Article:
Lens Flares: Add Warm Cinematic Glow to your Photography | Tabitha Park | Skillshare

Lens Flares: Add Warm Cinematic Glow to your Photography

Tabitha Park, Chocolate Photographer

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7 Lessons (15m)
    • 1. Introduction

      0:40
    • 2. Catching Lens Flares

      3:45
    • 3. Prisming

      2:50
    • 4. Ring of Fire

      2:09
    • 5. Miscellaneous Tools

      1:43
    • 6. Editing in Lightroom

      3:57
    • 7. Final Thoughts

      0:23

About This Class

In this class we'll be chasing the sun to create dramatic, beautiful lens flares totally in-camera (no photoshop necessary!!)

I'll show you each of the tools I use to add a little (or a lot!) of lens flare and haze in my images.
I'll show you how to utilize everyday objects like a CD, plastic bags, or the screen of your phone and I'll also tell you where you can get a great prism and a set of copper pipes for even more experimenting.

Please exercise caution when shooting into the sun! Eye damage is real, so don't stare at the sun for extended periods of time and give your eyes plenty of breaks during your photoshoot. :)

Buy the Prism here

Buy the Copper Pipe Fittings here

Transcripts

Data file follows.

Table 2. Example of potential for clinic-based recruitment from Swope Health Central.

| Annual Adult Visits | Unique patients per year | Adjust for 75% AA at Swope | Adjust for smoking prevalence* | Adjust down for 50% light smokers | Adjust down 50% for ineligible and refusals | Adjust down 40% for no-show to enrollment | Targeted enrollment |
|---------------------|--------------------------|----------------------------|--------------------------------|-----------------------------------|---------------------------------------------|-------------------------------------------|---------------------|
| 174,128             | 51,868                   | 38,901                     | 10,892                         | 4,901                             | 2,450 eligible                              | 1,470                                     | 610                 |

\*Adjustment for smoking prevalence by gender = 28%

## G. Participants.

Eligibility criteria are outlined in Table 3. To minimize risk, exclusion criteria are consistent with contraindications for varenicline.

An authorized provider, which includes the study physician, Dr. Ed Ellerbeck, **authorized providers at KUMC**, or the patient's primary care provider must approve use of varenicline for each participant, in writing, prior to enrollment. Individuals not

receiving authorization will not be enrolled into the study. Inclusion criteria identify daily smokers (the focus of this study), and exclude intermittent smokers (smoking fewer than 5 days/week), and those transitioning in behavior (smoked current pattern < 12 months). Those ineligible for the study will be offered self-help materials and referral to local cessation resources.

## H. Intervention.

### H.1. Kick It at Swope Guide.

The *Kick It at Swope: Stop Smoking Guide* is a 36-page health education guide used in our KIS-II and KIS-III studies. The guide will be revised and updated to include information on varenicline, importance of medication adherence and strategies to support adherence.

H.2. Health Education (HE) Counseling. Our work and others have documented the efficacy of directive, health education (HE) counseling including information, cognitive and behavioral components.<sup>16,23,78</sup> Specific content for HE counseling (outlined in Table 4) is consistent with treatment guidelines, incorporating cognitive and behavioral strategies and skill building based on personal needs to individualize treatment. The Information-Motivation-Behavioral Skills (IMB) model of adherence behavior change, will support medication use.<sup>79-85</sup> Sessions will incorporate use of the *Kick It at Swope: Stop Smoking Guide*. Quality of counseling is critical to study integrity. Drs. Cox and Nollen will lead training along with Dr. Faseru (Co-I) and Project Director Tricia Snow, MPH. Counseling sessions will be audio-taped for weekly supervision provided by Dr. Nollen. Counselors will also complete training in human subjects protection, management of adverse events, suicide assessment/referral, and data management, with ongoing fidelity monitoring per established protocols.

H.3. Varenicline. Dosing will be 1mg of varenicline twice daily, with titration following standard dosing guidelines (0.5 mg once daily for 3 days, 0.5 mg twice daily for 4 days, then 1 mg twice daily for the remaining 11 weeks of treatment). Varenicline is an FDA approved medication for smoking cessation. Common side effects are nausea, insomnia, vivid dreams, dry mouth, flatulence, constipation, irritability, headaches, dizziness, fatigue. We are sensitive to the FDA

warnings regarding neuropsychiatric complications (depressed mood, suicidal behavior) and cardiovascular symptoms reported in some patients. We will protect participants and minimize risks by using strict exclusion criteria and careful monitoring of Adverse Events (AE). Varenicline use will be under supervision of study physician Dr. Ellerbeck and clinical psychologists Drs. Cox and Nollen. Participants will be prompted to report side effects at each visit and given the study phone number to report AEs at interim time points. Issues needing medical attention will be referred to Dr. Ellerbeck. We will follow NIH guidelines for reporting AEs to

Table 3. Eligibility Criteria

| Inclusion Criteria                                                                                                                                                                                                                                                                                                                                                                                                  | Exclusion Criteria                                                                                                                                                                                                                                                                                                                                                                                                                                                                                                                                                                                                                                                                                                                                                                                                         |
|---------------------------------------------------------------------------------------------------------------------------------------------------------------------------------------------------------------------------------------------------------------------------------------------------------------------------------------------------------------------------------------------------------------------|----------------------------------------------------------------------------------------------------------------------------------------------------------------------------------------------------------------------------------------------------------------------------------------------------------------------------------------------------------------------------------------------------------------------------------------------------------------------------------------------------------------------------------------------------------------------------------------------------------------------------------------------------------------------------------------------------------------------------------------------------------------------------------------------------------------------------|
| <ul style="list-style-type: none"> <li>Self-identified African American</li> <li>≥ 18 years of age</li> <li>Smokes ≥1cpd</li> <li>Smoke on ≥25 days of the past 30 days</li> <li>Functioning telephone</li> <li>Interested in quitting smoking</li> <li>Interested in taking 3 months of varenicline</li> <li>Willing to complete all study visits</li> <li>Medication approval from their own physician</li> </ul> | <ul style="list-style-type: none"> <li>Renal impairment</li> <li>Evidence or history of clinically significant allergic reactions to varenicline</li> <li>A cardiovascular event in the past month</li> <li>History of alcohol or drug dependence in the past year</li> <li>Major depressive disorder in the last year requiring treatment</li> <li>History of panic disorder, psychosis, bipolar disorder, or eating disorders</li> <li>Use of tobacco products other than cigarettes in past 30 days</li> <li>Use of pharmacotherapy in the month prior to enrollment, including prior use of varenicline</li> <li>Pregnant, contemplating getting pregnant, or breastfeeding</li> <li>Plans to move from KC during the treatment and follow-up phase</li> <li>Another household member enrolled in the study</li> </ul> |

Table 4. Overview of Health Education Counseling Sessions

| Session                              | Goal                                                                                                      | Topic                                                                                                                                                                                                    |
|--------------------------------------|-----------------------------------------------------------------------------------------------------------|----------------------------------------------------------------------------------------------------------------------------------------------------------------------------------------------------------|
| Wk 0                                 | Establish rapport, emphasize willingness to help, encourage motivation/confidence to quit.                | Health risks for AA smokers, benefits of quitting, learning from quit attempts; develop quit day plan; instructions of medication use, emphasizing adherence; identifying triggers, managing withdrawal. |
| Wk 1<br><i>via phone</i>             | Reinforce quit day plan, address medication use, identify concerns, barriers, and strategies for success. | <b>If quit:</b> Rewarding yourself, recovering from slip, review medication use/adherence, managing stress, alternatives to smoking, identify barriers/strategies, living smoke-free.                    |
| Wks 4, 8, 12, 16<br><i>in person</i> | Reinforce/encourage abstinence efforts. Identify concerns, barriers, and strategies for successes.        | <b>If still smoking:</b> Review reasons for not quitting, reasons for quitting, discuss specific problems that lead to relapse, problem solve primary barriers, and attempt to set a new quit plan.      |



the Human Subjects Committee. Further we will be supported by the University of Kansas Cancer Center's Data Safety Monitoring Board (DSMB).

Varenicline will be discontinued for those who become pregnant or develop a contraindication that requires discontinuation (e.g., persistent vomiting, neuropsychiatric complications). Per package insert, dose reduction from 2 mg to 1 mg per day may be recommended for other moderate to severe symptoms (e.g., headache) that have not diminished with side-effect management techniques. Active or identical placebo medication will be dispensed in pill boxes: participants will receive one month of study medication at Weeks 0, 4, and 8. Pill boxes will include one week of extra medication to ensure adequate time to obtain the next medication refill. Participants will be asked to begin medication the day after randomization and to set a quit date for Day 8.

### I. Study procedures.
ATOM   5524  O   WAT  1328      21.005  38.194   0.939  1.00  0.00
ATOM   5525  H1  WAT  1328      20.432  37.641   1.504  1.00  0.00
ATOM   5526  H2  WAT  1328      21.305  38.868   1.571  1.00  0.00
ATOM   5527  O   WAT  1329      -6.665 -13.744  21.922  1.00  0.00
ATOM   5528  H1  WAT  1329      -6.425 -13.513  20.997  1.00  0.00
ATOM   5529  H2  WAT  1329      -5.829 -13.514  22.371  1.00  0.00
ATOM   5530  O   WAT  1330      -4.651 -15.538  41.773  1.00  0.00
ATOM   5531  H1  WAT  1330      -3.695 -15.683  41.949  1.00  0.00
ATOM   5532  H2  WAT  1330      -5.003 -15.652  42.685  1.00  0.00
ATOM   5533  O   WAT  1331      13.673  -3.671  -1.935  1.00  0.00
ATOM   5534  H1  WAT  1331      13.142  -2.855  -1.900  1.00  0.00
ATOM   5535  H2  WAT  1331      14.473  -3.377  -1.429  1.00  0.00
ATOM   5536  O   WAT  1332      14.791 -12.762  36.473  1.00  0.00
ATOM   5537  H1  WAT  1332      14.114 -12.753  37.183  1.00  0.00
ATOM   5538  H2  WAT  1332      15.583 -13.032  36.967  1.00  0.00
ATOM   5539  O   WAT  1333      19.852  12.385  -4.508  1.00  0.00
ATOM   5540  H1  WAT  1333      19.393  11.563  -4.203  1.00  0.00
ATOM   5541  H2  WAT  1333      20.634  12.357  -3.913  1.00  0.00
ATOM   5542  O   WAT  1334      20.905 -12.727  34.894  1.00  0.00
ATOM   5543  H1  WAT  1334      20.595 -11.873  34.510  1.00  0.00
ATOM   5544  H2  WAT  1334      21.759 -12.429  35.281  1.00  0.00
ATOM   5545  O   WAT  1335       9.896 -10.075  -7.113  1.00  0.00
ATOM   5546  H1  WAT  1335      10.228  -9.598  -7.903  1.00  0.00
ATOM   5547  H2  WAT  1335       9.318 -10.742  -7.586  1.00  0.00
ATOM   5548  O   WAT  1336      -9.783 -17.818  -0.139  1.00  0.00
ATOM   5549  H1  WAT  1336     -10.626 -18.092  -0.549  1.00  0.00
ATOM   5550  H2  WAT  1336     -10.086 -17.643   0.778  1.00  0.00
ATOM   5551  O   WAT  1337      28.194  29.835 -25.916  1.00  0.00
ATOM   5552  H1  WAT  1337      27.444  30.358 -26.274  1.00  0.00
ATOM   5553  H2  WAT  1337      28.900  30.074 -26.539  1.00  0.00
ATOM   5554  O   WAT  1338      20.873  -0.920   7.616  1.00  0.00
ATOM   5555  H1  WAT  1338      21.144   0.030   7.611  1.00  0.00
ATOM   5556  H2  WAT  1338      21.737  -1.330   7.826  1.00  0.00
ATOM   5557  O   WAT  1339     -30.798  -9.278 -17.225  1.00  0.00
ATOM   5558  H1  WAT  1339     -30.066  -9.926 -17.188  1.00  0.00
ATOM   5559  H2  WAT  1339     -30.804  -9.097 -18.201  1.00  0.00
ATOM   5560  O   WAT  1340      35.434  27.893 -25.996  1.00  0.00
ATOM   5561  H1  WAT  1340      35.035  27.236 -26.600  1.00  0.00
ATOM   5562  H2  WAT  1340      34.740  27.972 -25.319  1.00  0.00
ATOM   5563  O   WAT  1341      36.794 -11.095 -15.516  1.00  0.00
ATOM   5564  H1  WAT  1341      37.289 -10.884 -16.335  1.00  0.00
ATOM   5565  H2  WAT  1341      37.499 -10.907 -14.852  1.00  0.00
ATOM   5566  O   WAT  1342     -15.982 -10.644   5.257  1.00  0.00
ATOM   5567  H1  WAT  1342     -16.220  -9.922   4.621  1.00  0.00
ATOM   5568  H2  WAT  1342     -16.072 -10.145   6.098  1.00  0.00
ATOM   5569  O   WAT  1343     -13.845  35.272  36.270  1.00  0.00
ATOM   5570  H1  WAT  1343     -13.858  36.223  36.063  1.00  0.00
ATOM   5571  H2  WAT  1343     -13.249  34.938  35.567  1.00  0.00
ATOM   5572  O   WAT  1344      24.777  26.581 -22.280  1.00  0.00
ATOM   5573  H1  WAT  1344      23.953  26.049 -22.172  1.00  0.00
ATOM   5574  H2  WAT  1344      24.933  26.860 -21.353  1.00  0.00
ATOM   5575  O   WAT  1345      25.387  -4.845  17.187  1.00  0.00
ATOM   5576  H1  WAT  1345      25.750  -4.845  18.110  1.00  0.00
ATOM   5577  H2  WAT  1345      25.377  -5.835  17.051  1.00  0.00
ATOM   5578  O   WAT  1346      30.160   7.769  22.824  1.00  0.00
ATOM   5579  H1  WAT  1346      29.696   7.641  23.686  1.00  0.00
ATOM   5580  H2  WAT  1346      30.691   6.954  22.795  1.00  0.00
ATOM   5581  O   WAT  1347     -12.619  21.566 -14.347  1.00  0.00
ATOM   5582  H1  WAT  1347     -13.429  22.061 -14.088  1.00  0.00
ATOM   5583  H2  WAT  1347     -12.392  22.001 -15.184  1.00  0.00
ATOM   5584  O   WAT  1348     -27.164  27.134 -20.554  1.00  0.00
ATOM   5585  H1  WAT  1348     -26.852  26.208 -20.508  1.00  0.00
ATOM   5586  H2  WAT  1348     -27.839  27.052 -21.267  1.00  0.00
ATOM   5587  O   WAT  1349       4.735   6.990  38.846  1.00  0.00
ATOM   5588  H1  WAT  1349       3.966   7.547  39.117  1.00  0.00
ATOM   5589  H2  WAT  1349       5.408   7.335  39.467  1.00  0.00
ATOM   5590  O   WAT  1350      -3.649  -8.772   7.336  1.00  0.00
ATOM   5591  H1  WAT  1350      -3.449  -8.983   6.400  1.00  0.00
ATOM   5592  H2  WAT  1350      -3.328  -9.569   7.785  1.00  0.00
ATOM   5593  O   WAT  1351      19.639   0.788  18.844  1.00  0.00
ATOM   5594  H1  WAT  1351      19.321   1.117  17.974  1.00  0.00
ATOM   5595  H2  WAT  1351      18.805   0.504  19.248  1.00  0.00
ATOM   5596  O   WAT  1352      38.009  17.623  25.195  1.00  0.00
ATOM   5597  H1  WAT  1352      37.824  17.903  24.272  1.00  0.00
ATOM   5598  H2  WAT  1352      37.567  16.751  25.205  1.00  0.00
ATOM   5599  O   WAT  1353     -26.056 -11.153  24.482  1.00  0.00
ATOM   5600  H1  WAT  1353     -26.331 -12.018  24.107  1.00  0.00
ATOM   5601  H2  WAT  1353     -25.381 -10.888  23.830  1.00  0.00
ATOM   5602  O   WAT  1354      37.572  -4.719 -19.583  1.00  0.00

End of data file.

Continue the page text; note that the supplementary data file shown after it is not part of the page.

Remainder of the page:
1. Introduction: Hi. This class is all about creating lens flares in camera. I'm going to go over what to do and the scenarios to look for to get the most effective looking lens flares, as well as some specialty tools that you can use to help shape the light and give it a little extra sparkle. I love the effective lens fares on photography. I feel like they add the cinematic drama to a picture that you really just can't get any other way. So I'm super excited to show you how and to see what you create. My name is Tabitha. I photograph families, and babies, and plants, and I also teach a bunch of classes here on Skillshare. I'm stoked for this class, so let's do this. 2. Catching Lens Flares: All right. So lens flares. There's two different categories of lens flares. There's good lens flare and bad lens flare. So bad lens flare is where you have a really distracting bright sun, just like eating your subject face. You can't see their face and they're just completely burnt out. It almost looks silly. That is what you want to avoid. There's also where you get this really bright glowy haze that's just like takes over the whole image, it washes out your photo, it desaturates the color and sips away the contrast and it makes really, really tricky image to edit later. That's the lens flare that we're going to try to avoid. We're going to hone in on the more like artistic, dramatic lens flare that adds more to your photo. You want lens flare that is going to not detract from your subject. It's going to add that emotion, that summary feel, that glow. I think you've probably seen in movies. They do this.They add the lens flare either after the fact or while they're shooting and it is just the camera pans by and you can see the sun and it just creates these angles of lights and streaks and spots in the picture, and when you see it, it feels natural, that's what we're used to seeing. That's how the sun interacts with cameras and with lenses, and so that creates a part of life feel, I guess. So that's the kind of lens flare that we're going for. So to create lens flare, we want to shoot at a time of day where the sun is going to be at a loan of angle to stream straight into our lens. So you don't necessarily have to have the sun in your picture, but it needs to be either just out of frame or I mean pretty close so that it can still get inside, bounce around the mechanics of the inside of the lens and create these spots and stripes and glow in our pictures. So for me that's typically like after 06:00 pm in the spring and fall and then like after 7:00 pm in the summer and then winter, it's like 4:00, in the States. So it'll be different depending on where you are. But basically, you want anywhere from an hour to two hours before the sun completely sets and it's gone, okay? Then even after it's gone, you can still sometimes get these lens flares, especially if you're somewhere that has a lot of reflected light, like off of the lake or something. So late in the evening or first thing in the morning when the sun is just coming up. Those are the best times to get that angle of light into your lens, and then you want to shoot wide-open. So use your really wide apertures here, your 1.8, your 2.8, those apertures so that you are as open as possible so that there's more area for the light to come in. So shooting into the sun, shooting wide-open and shooting at a time where the sun is going to create those effective angles into your camera. Yeah, so let's say you want to avoid lens flares, you just do the opposite. So make sure that the sun is not in your picture, closed down a little bit or attach the lens hood onto the front of your lens. If you buy a lens new or gently used, it will likely come with a lens hood. It is basically a hat, so it helps block out the extra sun that would've came into the lens, and so you just add those. I have one for every single lens that I have. But they are all just collecting dust in a drawer because I love [inaudible] , so I never tried to get rid of them. Well, I don't usually try to get rid of them. Next I'm going to talk about some tools that we can use to help shape our light. 3. Prisming: Prisming is a pretty recent technique, I feel like that's been sweeping the internet. That's where you put a reflective surface in front of your lens and it adds a mirror effect to your image, or brings in reflected light from other where that just creates unexpected results. This is a glass prism that I got on Amazon. I'll post the link so that you can get the same one if you want. It was $25. So far, I've been really happy with it. It's cool, because you can just place it right up against your lens, and depending on how you move it and where you are, you can get a reflection of the tree that's up here, in the bottom of your photo because it's reflecting off of this smooth glass surface here. Experimenting with this has been really neat. Prisms are just cool in general. I don't know if you've seen the kind of photos where people reflect, refract, I don't know, rainbows on their face. They'll set their prism up and then have a little beam of light shine through it, and then they get that little splash of rainbows, so you can play with that too. If you don't have a prism or you just ordered it, and it won't be here for two days, you can use CDs. I have this neutral CD that's basically, you're just going to put it at an angle to your lens and move it up and down to get that reflection. It'll be a more vague reflection, obviously, because this isn't going to show you exactly what you're seeing. It's got a color, so it might add a color cast to it. This one's neutral, This one's purple. This is actually just the spacer that came with the stack of DVDs that I bought. You could even put this up in front of your lens so that what you're seeing down the center is going to be in focus, and then everything else around has a blur or just that off focus glow to it. Definitely experiment with CDs If you have them. Also, you can use the screen of your phone. I follow a lot of groups on Facebook, a lot of photography groups, and I've seen people post these beautiful wedding photos; where you've got the couple, and then you have this smooth glass surface that they're reflected into, and you're like, "how did they do that?" They just happen to have a glass table. I don't carry around one of those all the time. Actually, I do. I carry around this big glass table. Basically, what the photographer did is, he put the phone right in front of his lens and was able to catch the reflection of the couple in the shininess of his screen. It probably works best if you take your case off, and you just really have the smooth, seamless phone screen to work with. Experiment with this, experiment with a few CDs, with your prism, and really just push your photography to the next level with this technique. 4. Ring of Fire: Next, I wanted to talk to you about the Ring of Fire. There's a photographer Sam Hurd, his specialty is these images. He does a lot of prisming he also does what he coined as the Ring of Fire. That is where you shoot through a little copper pipe, and basically what happens is the sun reflects off of the shiny part of the inside and it creates this big circle glow that's warm and like really dramatic. So people have been trying this themselves and posting their results all over the Internet. It's gaining popularity. I actually have two copper pipes. You can buy like a big copper pipe and like have the store cut it to size for you or you can just go into the little fittings, the coupling section, and they have like little elbow shapes and little spigot shapes and stuff. I just found these. This one is one inch and this one's three-quarter inch. I think one was $4 and this one was $2. But these have been really cool because they can create this warm circly glow so that it just really helps you hone in on the subject here. It just blocks out most of the background, and obviously it takes a little bit of playing with. You can get images where the Ring of Fire takes up the whole photo and it's pretty distracting. Or you can get it where it's just barely there and it just adds a little extra something to the picture. If you don't like the warm glow, I've seen people use aluminum pipes, so there's silver, and they just create a more neutral color tone to the picture so it's still bright white light, but it doesn't have that color cast to it. Then I think if you just have PVC lying around, I think PVC is shiny enough on the inside that you could try using that too. You just want to make sure it's really close to your lens so that you don't get your fingers in focus because you're going to have to hold on to it, and so basically everything that gets close just becomes kind of a blur and then what your camera sees is directly down the center and then around the outside basically. Here's some pictures that I've taken with this and I've been really pleased with the results. There's your Ring of Fire. 5. Miscellaneous Tools: Lastly, I just wanted to show you a couple other miscellaneous tools. This is the bottom of a glass bottle. I just had my sister break a bottle for me and this is the base. I just wanted a chunk of glass that was flat enough that I could just store it in my bag, but also big enough that would create an effect with my photo basically. What you can do is if you're photographing maybe on the beach and you got your subject in the ocean but there's people in the side of your photo, you can use this to scratch them out. Basically, if you hold this up against the side of your lens, it will add a soft blur to the picture so that you don't really see what's going on there. This can be used in conjunction with lens flares. If you have distracting subjects, you can use this and the Sun will catch it, the light in here and add a little bit of a glow to it. That's something that I like to keep around. Then I also have, this is just like a little ziploc bag. It's pretty hashed because it's been in my bag, but basically what you do is you want to cut a hole in the bottom and then you can just flip this over the front of your lens and shoot through it. Basically where the hole is, that's what's going to be in focus like sharply on your photo and then everywhere around adds this soft glow to the picture and it really creates a really ethereal feel to your photos. I love the way the slips and it's super cheap and super easy. Using all these tools in conjunction with utilizing the sky at the right time of day, is going to create the most effective looking lens flare photos for you. 6. Editing in Lightroom: I just wanted to guide you through how I would typically edit a picture like this. I think you'll probably notice that your pictures are a little bit hazy, they don't have very much contrast, the saturations maybe a little bit low. Basically, when I shoot, I tried to shoot a little bit underexposed so my picture in my subject area is a little bit darker than normal because I have so much brightness going on that I don't want much of the highlight detail to get lost, so I tend to show you a little bit darker and then try and bring up the shadow areas after. Here I am working in Adobe Lightroom. This is the Creative Cloud version. I pretty much just start at the top. This is straight out of camera. I did go through and then clean up the skin a little bit but other than that, everything else is the same. I just start out up here. The white balance is something that gets changed as I go so I'm just going to bring up the warmth just a little bit and then just work from there. Already this picture seems a little dark and muddy, so I'm going to kick up the exposure and then I'm going to also bring up the contrast. The contrast is important because it can help give your photo the definition that it needs to really just stand out. This is the shadow area of the picture so we want to bump up the shadows a little bit. You can see that mostly brightens them and the green hill behind them. Then whites, that's going to be in your highlight stuff. Usually when I'm trying to decide what to edit, I rock back and forth with the slider to see what's going to look best and then blacks, I usually always take down to help add a little bit of that edgy contrast to it. Then from here I usually like to kick up the vibrance and saturation, not usually more than 10. I don't want it to look unrealistic. Then I drop down to the tone curve section and do pretty much the same thing. Bring down the shadows, bring up the lights, and then darks usually depends on the photo, whether it needs to go down or up, but I think it needs to go up. Then right now it just still seems really, really bright to me so I'm going to bring the exposure back down just a little bit and then there's one more slider that's all the way down at the bottom. It's called the Dehaze Slider and it's in the Effects drop-down. The Dehaze Slider basically helps add that contrasts and that crunchy edginess to the photo. You can see if I take the dehaze out, it just makes them look like they're in a cloud and I don't want that. Dehaze usually a little goes a long way, so I feel like 9, not too much, and then this picture seems really warm so I'm going to try and play with the temperature a little bit. There's some magenta in the face tone, so I'm going to bring the tint down just a little, just these teeny little tweaks to help really make the photo great. Then sometimes if it needs it, you can add a vignette that's going to be in the Effects tab as well. You just pull this down to help bring in the corners, but sometimes it doesn't work well with the Ring of Fire. So for this picture, I'm actually just going to leave it off, and then I'm probably just going to call that good. I feel like for right now this is a really nice clean edit. Maybe just take up the lightness in it, just a teeny bit. Basically you can see what I started with right here, really muddy, almost purpley blue gray in the shadows, and then this one really just helps make our subject pop. That's my typical workflow and then I would just copy this and apply it to the next photo and then go from there. So yeah. 7. Final Thoughts: That's it. Thank so much for taking my class. I really appreciate it. I hope that you post your pictures in the project section. I can't wait to see what you create and I will be posting some of mine as well. If you have any questions for me, or you need some help, or you have suggestions for future content that you want to see, feel free to leave all of that in the discussions section. Thanks again for taking my class.